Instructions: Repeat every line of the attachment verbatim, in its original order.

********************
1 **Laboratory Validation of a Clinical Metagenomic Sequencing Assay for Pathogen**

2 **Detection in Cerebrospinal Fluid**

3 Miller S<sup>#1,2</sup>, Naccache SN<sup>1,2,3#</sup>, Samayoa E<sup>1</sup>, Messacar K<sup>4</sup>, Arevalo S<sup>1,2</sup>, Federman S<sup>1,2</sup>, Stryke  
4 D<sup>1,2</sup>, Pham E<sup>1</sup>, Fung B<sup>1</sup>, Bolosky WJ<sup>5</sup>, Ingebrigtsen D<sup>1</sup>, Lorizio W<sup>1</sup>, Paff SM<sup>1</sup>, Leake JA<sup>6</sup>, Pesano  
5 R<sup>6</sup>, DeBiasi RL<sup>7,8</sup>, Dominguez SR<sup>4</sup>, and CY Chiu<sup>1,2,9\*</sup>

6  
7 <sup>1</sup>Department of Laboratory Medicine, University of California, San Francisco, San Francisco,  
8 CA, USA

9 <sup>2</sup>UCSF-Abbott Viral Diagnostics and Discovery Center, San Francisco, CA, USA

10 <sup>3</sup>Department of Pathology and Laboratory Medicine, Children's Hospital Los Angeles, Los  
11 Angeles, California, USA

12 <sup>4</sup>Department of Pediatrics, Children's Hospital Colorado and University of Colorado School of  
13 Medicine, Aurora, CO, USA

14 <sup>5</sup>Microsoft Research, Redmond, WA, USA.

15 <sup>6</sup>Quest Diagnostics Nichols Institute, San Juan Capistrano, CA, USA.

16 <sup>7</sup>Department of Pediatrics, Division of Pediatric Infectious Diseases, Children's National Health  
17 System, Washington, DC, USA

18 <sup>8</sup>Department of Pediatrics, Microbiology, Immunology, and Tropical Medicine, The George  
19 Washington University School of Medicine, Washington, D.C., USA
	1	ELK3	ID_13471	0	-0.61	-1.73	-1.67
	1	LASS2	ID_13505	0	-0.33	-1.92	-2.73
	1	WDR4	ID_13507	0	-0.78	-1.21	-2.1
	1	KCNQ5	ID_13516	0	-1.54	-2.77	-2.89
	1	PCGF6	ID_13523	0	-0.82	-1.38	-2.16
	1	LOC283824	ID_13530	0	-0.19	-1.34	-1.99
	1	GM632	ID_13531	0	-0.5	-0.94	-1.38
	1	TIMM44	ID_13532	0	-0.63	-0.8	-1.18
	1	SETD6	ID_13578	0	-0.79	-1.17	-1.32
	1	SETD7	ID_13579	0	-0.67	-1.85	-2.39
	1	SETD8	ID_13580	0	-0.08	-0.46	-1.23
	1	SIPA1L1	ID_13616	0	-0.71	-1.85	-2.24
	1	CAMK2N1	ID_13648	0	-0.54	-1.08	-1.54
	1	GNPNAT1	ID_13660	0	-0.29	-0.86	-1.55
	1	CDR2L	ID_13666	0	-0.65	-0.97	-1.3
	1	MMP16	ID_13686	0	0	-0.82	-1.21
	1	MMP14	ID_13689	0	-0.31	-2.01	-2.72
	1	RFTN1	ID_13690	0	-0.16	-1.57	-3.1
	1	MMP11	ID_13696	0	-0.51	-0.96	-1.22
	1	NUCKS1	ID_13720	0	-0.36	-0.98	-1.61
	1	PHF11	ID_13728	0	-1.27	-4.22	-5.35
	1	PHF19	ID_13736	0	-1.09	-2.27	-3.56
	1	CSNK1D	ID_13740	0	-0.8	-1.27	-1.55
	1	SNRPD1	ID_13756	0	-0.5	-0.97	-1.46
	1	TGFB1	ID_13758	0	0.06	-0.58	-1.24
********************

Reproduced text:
1 **Laboratory Validation of a Clinical Metagenomic Sequencing Assay for Pathogen**

2 **Detection in Cerebrospinal Fluid**

3 Miller S<sup>#1,2</sup>, Naccache SN<sup>1,2,3#</sup>, Samayoa E<sup>1</sup>, Messacar K<sup>4</sup>, Arevalo S<sup>1,2</sup>, Federman S<sup>1,2</sup>, Stryke  
4 D<sup>1,2</sup>, Pham E<sup>1</sup>, Fung B<sup>1</sup>, Bolosky WJ<sup>5</sup>, Ingebrigtsen D<sup>1</sup>, Lorizio W<sup>1</sup>, Paff SM<sup>1</sup>, Leake JA<sup>6</sup>, Pesano  
5 R<sup>6</sup>, DeBiasi RL<sup>7,8</sup>, Dominguez SR<sup>4</sup>, and CY Chiu<sup>1,2,9\*</sup>

6  
7 <sup>1</sup>Department of Laboratory Medicine, University of California, San Francisco, San Francisco,  
8 CA, USA

9 <sup>2</sup>UCSF-Abbott Viral Diagnostics and Discovery Center, San Francisco, CA, USA

10 <sup>3</sup>Department of Pathology and Laboratory Medicine, Children's Hospital Los Angeles, Los  
11 Angeles, California, USA

12 <sup>4</sup>Department of Pediatrics, Children's Hospital Colorado and University of Colorado School of  
13 Medicine, Aurora, CO, USA

14 <sup>5</sup>Microsoft Research, Redmond, WA, USA.

15 <sup>6</sup>Quest Diagnostics Nichols Institute, San Juan Capistrano, CA, USA.

16 <sup>7</sup>Department of Pediatrics, Division of Pediatric Infectious Diseases, Children's National Health  
17 System, Washington, DC, USA

18 <sup>8</sup>Department of Pediatrics, Microbiology, Immunology, and Tropical Medicine, The George  
19 Washington University School of Medicine, Washington, D.C., USA
	1	ELK3	ID_13471	0	-0.61	-1.73	-1.67
	1	LASS2	ID_13505	0	-0.33	-1.92	-2.73
	1	WDR4	ID_13507	0	-0.78	-1.21	-2.1
	1	KCNQ5	ID_13516	0	-1.54	-2.77	-2.89
	1	PCGF6	ID_13523	0	-0.82	-1.38	-2.16
	1	LOC283824	ID_13530	0	-0.19	-1.34	-1.99
	1	GM632	ID_13531	0	-0.5	-0.94	-1.38
	1	TIMM44	ID_13532	0	-0.63	-0.8	-1.18
	1	SETD6	ID_13578	0	-0.79	-1.17	-1.32
	1	SETD7	ID_13579	0	-0.67	-1.85	-2.39
	1	SETD8	ID_13580	0	-0.08	-0.46	-1.23
	1	SIPA1L1	ID_13616	0	-0.71	-1.85	-2.24
	1	CAMK2N1	ID_13648	0	-0.54	-1.08	-1.54
	1	GNPNAT1	ID_13660	0	-0.29	-0.86	-1.55
	1	CDR2L	ID_13666	0	-0.65	-0.97	-1.3
	1	MMP16	ID_13686	0	0	-0.82	-1.21
	1	MMP14	ID_13689	0	-0.31	-2.01	-2.72
	1	RFTN1	ID_13690	0	-0.16	-1.57	-3.1
	1	MMP11	ID_13696	0	-0.51	-0.96	-1.22
	1	NUCKS1	ID_13720	0	-0.36	-0.98	-1.61
	1	PHF11	ID_13728	0	-1.27	-4.22	-5.35
	1	PHF19	ID_13736	0	-1.09	-2.27	-3.56
	1	CSNK1D	ID_13740	0	-0.8	-1.27	-1.55
	1	SNRPD1	ID_13756	0	-0.5	-0.97	-1.46
	1	TGFB1	ID_13758	0	0.06	-0.58	-1.24